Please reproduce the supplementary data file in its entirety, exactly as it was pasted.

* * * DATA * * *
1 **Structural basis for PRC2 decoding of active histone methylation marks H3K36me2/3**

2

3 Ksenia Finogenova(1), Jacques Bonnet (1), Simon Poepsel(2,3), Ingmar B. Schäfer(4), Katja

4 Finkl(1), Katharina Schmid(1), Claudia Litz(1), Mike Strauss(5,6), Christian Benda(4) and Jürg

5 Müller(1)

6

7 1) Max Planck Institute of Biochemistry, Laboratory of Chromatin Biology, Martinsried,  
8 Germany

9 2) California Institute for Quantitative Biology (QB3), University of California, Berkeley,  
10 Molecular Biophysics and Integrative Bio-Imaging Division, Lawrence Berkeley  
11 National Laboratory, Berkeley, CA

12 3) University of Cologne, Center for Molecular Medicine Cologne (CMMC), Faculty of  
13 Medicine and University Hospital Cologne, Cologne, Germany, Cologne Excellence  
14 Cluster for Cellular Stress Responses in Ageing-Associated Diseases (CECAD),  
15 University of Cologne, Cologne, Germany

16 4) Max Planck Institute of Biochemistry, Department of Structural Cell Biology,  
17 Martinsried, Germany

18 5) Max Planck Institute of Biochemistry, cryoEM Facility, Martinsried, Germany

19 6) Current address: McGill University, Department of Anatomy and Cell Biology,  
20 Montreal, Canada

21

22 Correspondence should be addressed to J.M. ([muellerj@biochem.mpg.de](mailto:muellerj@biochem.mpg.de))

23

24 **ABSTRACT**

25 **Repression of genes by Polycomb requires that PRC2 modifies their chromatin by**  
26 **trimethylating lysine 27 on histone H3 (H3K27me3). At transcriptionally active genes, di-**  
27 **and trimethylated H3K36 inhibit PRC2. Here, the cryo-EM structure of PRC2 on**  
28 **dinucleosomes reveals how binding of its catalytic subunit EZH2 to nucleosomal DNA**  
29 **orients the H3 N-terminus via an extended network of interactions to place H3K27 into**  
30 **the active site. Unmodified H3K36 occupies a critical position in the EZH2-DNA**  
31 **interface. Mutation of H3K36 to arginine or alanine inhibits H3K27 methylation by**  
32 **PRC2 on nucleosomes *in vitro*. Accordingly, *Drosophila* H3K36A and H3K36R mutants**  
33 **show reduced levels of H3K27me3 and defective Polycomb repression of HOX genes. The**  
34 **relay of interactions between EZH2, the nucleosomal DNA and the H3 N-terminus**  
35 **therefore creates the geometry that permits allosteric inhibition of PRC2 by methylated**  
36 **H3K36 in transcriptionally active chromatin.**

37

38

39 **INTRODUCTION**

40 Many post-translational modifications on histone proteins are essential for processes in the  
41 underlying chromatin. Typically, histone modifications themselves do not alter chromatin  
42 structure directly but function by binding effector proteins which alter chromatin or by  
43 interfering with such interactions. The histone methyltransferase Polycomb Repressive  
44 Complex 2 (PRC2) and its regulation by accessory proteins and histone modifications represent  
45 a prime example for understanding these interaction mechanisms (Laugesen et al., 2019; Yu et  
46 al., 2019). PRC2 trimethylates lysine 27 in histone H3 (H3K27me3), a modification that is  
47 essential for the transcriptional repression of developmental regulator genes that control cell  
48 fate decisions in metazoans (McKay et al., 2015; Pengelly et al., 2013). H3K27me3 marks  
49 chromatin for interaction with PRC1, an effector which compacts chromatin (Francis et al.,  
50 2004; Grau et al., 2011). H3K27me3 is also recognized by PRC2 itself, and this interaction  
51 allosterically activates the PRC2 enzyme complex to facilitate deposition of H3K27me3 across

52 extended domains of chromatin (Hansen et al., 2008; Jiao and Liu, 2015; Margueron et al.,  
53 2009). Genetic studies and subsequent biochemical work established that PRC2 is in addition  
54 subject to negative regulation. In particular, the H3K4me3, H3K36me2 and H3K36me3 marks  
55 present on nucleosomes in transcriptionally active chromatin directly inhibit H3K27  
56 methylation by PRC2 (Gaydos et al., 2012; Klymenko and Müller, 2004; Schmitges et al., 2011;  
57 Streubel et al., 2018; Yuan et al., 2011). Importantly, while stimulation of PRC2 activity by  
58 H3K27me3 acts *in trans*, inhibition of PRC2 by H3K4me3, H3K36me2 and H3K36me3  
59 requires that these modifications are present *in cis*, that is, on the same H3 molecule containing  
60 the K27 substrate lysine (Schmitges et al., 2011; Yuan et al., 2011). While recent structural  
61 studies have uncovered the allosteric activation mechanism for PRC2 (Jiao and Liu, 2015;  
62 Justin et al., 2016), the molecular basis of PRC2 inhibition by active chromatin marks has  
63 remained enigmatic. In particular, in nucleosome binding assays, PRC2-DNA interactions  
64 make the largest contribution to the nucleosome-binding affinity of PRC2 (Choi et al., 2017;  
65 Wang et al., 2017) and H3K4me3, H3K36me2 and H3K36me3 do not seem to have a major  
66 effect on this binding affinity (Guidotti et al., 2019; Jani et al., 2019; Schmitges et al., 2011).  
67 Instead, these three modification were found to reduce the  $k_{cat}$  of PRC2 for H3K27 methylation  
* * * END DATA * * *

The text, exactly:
1 **Structural basis for PRC2 decoding of active histone methylation marks H3K36me2/3**

2

3 Ksenia Finogenova(1), Jacques Bonnet (1), Simon Poepsel(2,3), Ingmar B. Schäfer(4), Katja

4 Finkl(1), Katharina Schmid(1), Claudia Litz(1), Mike Strauss(5,6), Christian Benda(4) and Jürg

5 Müller(1)

6

7 1) Max Planck Institute of Biochemistry, Laboratory of Chromatin Biology, Martinsried,  
8 Germany

9 2) California Institute for Quantitative Biology (QB3), University of California, Berkeley,  
10 Molecular Biophysics and Integrative Bio-Imaging Division, Lawrence Berkeley  
11 National Laboratory, Berkeley, CA

12 3) University of Cologne, Center for Molecular Medicine Cologne (CMMC), Faculty of  
13 Medicine and University Hospital Cologne, Cologne, Germany, Cologne Excellence  
14 Cluster for Cellular Stress Responses in Ageing-Associated Diseases (CECAD),  
15 University of Cologne, Cologne, Germany

16 4) Max Planck Institute of Biochemistry, Department of Structural Cell Biology,  
17 Martinsried, Germany

18 5) Max Planck Institute of Biochemistry, cryoEM Facility, Martinsried, Germany

19 6) Current address: McGill University, Department of Anatomy and Cell Biology,  
20 Montreal, Canada

21

22 Correspondence should be addressed to J.M. ([muellerj@biochem.mpg.de](mailto:muellerj@biochem.mpg.de))

23

24 **ABSTRACT**

25 **Repression of genes by Polycomb requires that PRC2 modifies their chromatin by**  
26 **trimethylating lysine 27 on histone H3 (H3K27me3). At transcriptionally active genes, di-**  
27 **and trimethylated H3K36 inhibit PRC2. Here, the cryo-EM structure of PRC2 on**  
28 **dinucleosomes reveals how binding of its catalytic subunit EZH2 to nucleosomal DNA**  
29 **orients the H3 N-terminus via an extended network of interactions to place H3K27 into**  
30 **the active site. Unmodified H3K36 occupies a critical position in the EZH2-DNA**  
31 **interface. Mutation of H3K36 to arginine or alanine inhibits H3K27 methylation by**  
32 **PRC2 on nucleosomes *in vitro*. Accordingly, *Drosophila* H3K36A and H3K36R mutants**  
33 **show reduced levels of H3K27me3 and defective Polycomb repression of HOX genes. The**  
34 **relay of interactions between EZH2, the nucleosomal DNA and the H3 N-terminus**  
35 **therefore creates the geometry that permits allosteric inhibition of PRC2 by methylated**  
36 **H3K36 in transcriptionally active chromatin.**

37

38

39 **INTRODUCTION**

40 Many post-translational modifications on histone proteins are essential for processes in the  
41 underlying chromatin. Typically, histone modifications themselves do not alter chromatin  
42 structure directly but function by binding effector proteins which alter chromatin or by  
43 interfering with such interactions. The histone methyltransferase Polycomb Repressive  
44 Complex 2 (PRC2) and its regulation by accessory proteins and histone modifications represent  
45 a prime example for understanding these interaction mechanisms (Laugesen et al., 2019; Yu et  
46 al., 2019). PRC2 trimethylates lysine 27 in histone H3 (H3K27me3), a modification that is  
47 essential for the transcriptional repression of developmental regulator genes that control cell  
48 fate decisions in metazoans (McKay et al., 2015; Pengelly et al., 2013). H3K27me3 marks  
49 chromatin for interaction with PRC1, an effector which compacts chromatin (Francis et al.,  
50 2004; Grau et al., 2011). H3K27me3 is also recognized by PRC2 itself, and this interaction  
51 allosterically activates the PRC2 enzyme complex to facilitate deposition of H3K27me3 across

52 extended domains of chromatin (Hansen et al., 2008; Jiao and Liu, 2015; Margueron et al.,  
53 2009). Genetic studies and subsequent biochemical work established that PRC2 is in addition  
54 subject to negative regulation. In particular, the H3K4me3, H3K36me2 and H3K36me3 marks  
55 present on nucleosomes in transcriptionally active chromatin directly inhibit H3K27  
56 methylation by PRC2 (Gaydos et al., 2012; Klymenko and Müller, 2004; Schmitges et al., 2011;  
57 Streubel et al., 2018; Yuan et al., 2011). Importantly, while stimulation of PRC2 activity by  
58 H3K27me3 acts *in trans*, inhibition of PRC2 by H3K4me3, H3K36me2 and H3K36me3  
59 requires that these modifications are present *in cis*, that is, on the same H3 molecule containing  
60 the K27 substrate lysine (Schmitges et al., 2011; Yuan et al., 2011). While recent structural  
61 studies have uncovered the allosteric activation mechanism for PRC2 (Jiao and Liu, 2015;  
62 Justin et al., 2016), the molecular basis of PRC2 inhibition by active chromatin marks has  
63 remained enigmatic. In particular, in nucleosome binding assays, PRC2-DNA interactions  
64 make the largest contribution to the nucleosome-binding affinity of PRC2 (Choi et al., 2017;  
65 Wang et al., 2017) and H3K4me3, H3K36me2 and H3K36me3 do not seem to have a major  
66 effect on this binding affinity (Guidotti et al., 2019; Jani et al., 2019; Schmitges et al., 2011).  
67 Instead, these three modification were found to reduce the  $k_{cat}$  of PRC2 for H3K27 methylation  